IN YOKOHAMA, JAPAN
A cursory glance at the main bowl of the Yokohama International Stadium immediately conjures up images of the 2002 Fifa World Cup final.
It was in this iconic Kanagawa Prefecture stadium that “The Phenomenon” Ronaldo struck twice to hand Brazil their fifth World Cup title via a 2-0 win over a dysfunctional German machine.
The 72,327-seater stadium hosted four matches of the 2002 tournament, which was jointly hosted by Japan and South Korea, with the toothy striker feasting on sumptuous Rivaldo assists to beat an out of sorts but erstwhile reliable Oliver Kahn in the German goal.
First cashing in on a rebound off Kahn from a Rivaldo shot in the 67th minute, and then feasting on a mouth-watering Kleberson cross from the right, made more appetising by a Rivaldo dummy, to seal the “penta” (fifth title) for the samba boys in the 79th.
The Yokohama Stadium will also host the final of this year’s Rugby World Cup on November 2 and is meanwhile booked for next year’s Tokyo Olympic Games’ gold medal football match in a tournament that will see games also hosted in the prefectures (provinces) of Hokkaido, Ibaraki, Miyagi and Saitama, alongside principal hosts Tokyo.
But this weekend, the Yokohama International Stadium - now known as the Nissan Stadium after the Japanese automobile manufacturer bought its naming rights – will be the centre of attraction for global athletics as it hosts the fourth IAAF World Relays Championships.
The freshest competition on the roster of the International Association of Athletics Federations (IAAF) is being held for the first time outside Nassau in the Bahamas where the first three competitions were held at the 15,000-seater Tommy Robinson Stadium on the scenic island in 2014, 2015 and 2017.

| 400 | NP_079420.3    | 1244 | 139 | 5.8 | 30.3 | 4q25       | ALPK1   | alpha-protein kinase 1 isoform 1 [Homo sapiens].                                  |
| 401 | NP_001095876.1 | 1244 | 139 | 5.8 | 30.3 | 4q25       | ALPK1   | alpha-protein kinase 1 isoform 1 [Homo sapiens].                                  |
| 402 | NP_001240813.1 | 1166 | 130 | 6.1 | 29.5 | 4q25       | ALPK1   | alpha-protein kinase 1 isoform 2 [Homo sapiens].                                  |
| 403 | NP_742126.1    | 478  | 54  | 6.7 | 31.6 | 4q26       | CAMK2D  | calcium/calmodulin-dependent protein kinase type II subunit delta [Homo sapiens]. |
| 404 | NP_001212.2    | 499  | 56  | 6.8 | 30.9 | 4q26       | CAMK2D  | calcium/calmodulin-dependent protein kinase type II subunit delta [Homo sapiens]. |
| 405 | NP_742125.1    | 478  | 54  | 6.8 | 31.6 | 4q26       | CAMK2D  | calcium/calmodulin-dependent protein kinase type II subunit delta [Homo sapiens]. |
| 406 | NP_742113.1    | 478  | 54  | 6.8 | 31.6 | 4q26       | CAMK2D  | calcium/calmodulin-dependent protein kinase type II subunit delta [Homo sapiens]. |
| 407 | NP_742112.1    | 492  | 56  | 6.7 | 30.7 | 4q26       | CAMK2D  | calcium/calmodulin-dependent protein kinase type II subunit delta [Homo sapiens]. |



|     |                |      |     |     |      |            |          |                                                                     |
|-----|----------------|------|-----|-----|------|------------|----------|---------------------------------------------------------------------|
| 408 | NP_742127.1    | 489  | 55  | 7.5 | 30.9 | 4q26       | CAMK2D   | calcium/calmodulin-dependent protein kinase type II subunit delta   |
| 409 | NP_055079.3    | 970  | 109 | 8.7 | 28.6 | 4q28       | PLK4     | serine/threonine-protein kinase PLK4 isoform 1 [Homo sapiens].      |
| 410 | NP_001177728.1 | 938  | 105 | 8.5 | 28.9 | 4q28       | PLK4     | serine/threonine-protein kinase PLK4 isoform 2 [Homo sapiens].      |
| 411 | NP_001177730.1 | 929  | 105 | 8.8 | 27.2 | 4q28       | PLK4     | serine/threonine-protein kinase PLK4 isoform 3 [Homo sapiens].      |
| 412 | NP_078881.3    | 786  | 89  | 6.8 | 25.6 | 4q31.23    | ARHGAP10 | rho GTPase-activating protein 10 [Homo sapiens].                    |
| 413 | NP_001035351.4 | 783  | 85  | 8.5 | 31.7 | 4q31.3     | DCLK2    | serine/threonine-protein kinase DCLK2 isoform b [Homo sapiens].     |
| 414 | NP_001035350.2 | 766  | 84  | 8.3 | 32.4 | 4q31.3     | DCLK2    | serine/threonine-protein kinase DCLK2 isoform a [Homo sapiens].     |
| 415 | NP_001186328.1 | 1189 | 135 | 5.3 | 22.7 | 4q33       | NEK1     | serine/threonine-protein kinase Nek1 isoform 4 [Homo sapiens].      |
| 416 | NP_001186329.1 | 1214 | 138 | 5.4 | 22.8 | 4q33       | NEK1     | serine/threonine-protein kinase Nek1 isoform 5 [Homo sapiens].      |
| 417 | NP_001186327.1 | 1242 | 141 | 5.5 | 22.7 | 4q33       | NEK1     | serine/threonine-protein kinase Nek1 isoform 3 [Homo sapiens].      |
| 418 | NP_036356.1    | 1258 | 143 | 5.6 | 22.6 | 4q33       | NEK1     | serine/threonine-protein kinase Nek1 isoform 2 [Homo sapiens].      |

A total of nine relay events will be on the menu this weekend, namely the men’s and women’s 4x100m; men’s and women’s 4x200m; men’s, women’s and mixed 4x400m; mixed 4x2x400m and the unique mixed shuttle hurdles relay.
Kenya will be represented by the largest squad to ever show up at this sprints competition whose last three overall titles were bagged by USA.
The Kenyan squad landed at Tokyo’s Narita Airport yesterday evening after flying through Doha, and will feature, according to official entries at the IAAF, in the men’s 4x200 metres relay (Dan Kiviasi Asamba, Mike Mokamba, Mark Otieno, Samuel Chege Waweru); women’s 4x200m (Diana Chebet, Joan Cherono, Eunice Kadogo Neviah Michira, Frashia Mwangi, Milicent Ndoro) and the women’s 4x400m (Evangeline Makena, Neviah Michira, Gladys Musyoki, Veronica Mutua and Maureen Thomas).
Kenya has also fielded mixed relays teams in the 4x400m (Alphas Kishoyian, Aron Koech, Jared Momanyi, Hellen Syombua, Maureen Thomas) and 2x2x400m (Collins Kipruto, Eglay Nalyanya, Ferguson Rotich and Emily Cherotich Tuei).
But the final start lists are expected to be out by 2pm Friday.
The official programme starts today afternoon (local time) with the traditional pre-competition press-conference scheduled for 1.30pm and featuring IAAF President Seb Coe, Japan Athletics President Hiroshi Yokokawa and the mayor of Yokohama, Fumiko Hayashi.
Also in attendance will be selected athletes including Jamaica’s women’s 4x200m team that will feature former multiple global sprints champion Shelly-Ann Fraser-Pryce who is making a comeback to the track from a maternity break.
She teams up here with Shericka Jackson, Stephenie Ann McPherson and Olympic 100 metres champion Elaine Thompson.
The two-day competition will start at 6.38pm local time tomorrow (12.38pm, Kenyan time) with the shuttle hurdles mixed relay qualifying runs with Sunday’s programme kicking off at 6.00pm (12 noon, Kenyan time) with the women’s 4x200m heats.